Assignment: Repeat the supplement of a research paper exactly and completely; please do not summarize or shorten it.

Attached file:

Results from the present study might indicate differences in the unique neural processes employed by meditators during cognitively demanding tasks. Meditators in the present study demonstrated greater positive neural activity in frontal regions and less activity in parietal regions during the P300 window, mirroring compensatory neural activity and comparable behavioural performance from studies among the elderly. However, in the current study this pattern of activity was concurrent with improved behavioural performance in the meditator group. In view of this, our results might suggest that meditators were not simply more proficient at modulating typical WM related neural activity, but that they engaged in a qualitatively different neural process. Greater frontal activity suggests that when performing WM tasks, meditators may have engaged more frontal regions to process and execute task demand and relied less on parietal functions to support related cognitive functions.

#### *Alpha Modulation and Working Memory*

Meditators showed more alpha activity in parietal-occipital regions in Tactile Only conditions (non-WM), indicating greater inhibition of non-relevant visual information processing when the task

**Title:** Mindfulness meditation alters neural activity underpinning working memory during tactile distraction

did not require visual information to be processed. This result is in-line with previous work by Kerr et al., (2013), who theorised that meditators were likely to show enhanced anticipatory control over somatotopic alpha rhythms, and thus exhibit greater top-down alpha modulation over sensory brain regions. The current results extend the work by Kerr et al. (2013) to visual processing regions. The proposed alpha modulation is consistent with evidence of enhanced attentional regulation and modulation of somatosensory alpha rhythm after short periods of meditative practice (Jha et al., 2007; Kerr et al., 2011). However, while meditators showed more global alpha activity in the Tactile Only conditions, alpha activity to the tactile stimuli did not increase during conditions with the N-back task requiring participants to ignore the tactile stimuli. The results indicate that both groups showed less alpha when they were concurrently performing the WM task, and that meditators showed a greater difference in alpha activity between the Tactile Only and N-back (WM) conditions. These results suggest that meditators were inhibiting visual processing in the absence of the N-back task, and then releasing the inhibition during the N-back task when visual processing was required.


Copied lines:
Results from the present study might indicate differences in the unique neural processes employed by meditators during cognitively demanding tasks. Meditators in the present study demonstrated greater positive neural activity in frontal regions and less activity in parietal regions during the P300 window, mirroring compensatory neural activity and comparable behavioural performance from studies among the elderly. However, in the current study this pattern of activity was concurrent with improved behavioural performance in the meditator group. In view of this, our results might suggest that meditators were not simply more proficient at modulating typical WM related neural activity, but that they engaged in a qualitatively different neural process. Greater frontal activity suggests that when performing WM tasks, meditators may have engaged more frontal regions to process and execute task demand and relied less on parietal functions to support related cognitive functions.

#### *Alpha Modulation and Working Memory*

Meditators showed more alpha activity in parietal-occipital regions in Tactile Only conditions (non-WM), indicating greater inhibition of non-relevant visual information processing when the task

**Title:** Mindfulness meditation alters neural activity underpinning working memory during tactile distraction

did not require visual information to be processed. This result is in-line with previous work by Kerr et al., (2013), who theorised that meditators were likely to show enhanced anticipatory control over somatotopic alpha rhythms, and thus exhibit greater top-down alpha modulation over sensory brain regions. The current results extend the work by Kerr et al. (2013) to visual processing regions. The proposed alpha modulation is consistent with evidence of enhanced attentional regulation and modulation of somatosensory alpha rhythm after short periods of meditative practice (Jha et al., 2007; Kerr et al., 2011). However, while meditators showed more global alpha activity in the Tactile Only conditions, alpha activity to the tactile stimuli did not increase during conditions with the N-back task requiring participants to ignore the tactile stimuli. The results indicate that both groups showed less alpha when they were concurrently performing the WM task, and that meditators showed a greater difference in alpha activity between the Tactile Only and N-back (WM) conditions. These results suggest that meditators were inhibiting visual processing in the absence of the N-back task, and then releasing the inhibition during the N-back task when visual processing was required.